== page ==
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As far as gaming goes, the E3 Expo generates the biggest headlines. But there’s another conference worth your attention and it’s going on now. The GDC, or Game Developers Conference, started March 23 in San Francisco and with it more than 500 lectures, the Game Developers Choice Awards, the Independent Games Festival, and tons of other activities and events. Since we’re “BusinessWeek,” I thought I’d highlight a few interesting things that might be a bit more pertinent to our special brand of readers.
While for many gaming may be escapism, the gaming business is confronting economic realities head one. There are a number of sessions dedicated to soldiering through the dismal economy. For example, "Stability in Story Weather," "Raising Capital in a Recession," and "Riding the Waves of Change: How Video Game Companies Can Flourish in an Environment of Relentless Volatility and Flux" are some of the talks given by a mix of industry veterans and representatives investment firms like Benchmark Capital.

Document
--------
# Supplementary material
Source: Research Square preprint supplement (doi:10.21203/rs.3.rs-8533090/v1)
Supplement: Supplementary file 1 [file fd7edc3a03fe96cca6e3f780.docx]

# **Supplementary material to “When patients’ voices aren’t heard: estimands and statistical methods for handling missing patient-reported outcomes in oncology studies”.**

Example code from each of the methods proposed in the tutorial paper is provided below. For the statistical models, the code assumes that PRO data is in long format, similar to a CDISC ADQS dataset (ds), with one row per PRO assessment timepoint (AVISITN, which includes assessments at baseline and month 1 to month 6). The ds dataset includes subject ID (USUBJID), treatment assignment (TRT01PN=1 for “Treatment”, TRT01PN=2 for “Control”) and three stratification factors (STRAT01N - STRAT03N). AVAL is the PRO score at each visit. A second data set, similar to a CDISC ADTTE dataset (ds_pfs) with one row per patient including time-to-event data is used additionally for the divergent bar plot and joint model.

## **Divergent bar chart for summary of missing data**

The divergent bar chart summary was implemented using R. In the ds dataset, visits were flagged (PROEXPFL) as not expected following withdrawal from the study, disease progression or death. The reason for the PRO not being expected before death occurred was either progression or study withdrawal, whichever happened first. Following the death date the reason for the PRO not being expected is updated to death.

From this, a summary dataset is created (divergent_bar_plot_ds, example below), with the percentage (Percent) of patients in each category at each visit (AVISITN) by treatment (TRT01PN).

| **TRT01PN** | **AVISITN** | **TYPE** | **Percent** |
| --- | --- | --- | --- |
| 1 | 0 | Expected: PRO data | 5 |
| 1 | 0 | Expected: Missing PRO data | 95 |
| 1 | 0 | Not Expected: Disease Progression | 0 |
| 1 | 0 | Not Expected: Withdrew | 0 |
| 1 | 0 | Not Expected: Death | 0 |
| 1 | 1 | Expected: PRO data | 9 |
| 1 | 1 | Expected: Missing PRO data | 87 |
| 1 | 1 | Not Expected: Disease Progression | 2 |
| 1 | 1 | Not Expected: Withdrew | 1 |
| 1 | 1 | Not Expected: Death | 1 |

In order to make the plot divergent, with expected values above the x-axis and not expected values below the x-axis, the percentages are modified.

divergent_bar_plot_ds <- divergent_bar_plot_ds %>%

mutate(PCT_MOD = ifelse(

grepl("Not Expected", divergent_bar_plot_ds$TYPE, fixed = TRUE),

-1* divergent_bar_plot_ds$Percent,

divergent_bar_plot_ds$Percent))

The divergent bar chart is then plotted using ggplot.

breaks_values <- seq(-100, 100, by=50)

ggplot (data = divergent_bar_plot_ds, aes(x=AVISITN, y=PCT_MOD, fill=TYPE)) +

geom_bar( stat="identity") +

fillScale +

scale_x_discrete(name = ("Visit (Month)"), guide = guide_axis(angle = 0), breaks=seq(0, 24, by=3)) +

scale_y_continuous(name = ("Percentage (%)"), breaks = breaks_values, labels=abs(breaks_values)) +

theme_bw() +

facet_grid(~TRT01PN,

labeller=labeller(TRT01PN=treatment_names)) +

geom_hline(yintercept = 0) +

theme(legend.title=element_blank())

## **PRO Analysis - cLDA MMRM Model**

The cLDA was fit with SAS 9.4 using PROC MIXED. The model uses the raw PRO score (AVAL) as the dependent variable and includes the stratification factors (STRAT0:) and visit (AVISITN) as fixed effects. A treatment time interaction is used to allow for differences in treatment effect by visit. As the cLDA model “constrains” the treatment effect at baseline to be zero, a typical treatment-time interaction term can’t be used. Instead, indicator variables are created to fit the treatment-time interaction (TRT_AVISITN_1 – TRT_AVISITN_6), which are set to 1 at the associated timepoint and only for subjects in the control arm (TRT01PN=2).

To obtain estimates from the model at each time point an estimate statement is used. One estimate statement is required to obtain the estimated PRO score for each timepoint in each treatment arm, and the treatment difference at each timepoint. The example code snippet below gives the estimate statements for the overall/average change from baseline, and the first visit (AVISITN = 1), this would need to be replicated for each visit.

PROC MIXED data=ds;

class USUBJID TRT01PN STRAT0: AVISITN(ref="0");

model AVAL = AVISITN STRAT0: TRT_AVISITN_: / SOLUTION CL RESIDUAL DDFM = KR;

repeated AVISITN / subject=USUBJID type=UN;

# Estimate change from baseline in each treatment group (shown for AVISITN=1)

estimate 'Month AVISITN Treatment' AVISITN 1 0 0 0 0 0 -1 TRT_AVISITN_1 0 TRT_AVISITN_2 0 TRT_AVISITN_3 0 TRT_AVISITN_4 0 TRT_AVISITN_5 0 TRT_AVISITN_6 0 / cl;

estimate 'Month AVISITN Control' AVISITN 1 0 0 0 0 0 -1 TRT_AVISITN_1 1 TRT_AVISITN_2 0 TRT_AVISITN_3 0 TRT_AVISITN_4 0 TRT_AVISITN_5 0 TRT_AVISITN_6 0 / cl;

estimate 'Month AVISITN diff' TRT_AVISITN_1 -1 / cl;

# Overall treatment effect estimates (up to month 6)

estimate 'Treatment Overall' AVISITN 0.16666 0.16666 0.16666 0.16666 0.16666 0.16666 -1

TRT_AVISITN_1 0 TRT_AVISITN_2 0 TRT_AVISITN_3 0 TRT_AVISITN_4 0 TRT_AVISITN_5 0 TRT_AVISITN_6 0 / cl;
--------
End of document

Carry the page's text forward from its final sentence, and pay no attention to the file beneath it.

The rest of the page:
The Serious Games Summit at GDC is another forum companies should pay particular attention to. Serious games are used in areas like education, government, health, military, science, corporate training, first responders, and social change. These are games that teach, train, and link. There's a wide array of speakers at these sessions: authors, professors, consultants, and developers. Some highlights include "Are Serious Games & Corporate Customers In Sync?" "Designing the First Social Reality Game to Motivate Change," and "Breaking Common Constraints of Serious Games: A New Market Approach."
Some examples of serious games featured at this year's GDC include:
The Winning Game - Used by Scottish schools to teach reflection and self-analysis
Innov8 v.2 - A business development game from IBM for students and professionals.
Ultimate Team Play - Used by Hilton Hotels to train employees.
Whether or you're into gaming or would ever consider a serious game for your company, there's plenty of lessons to be drawn from the conference. Heck, in this economy, any new knowledge could make a difference. Keep up with gaming news or post your own at the Business Exchange.
What comes next? The Bloomberg Businessweek Innovation and Design blog chronicles new tools for creativity and collaboration, innovation case studies in both the corporate and social sectors, and the new ideas that have the power to change the way things have always been done.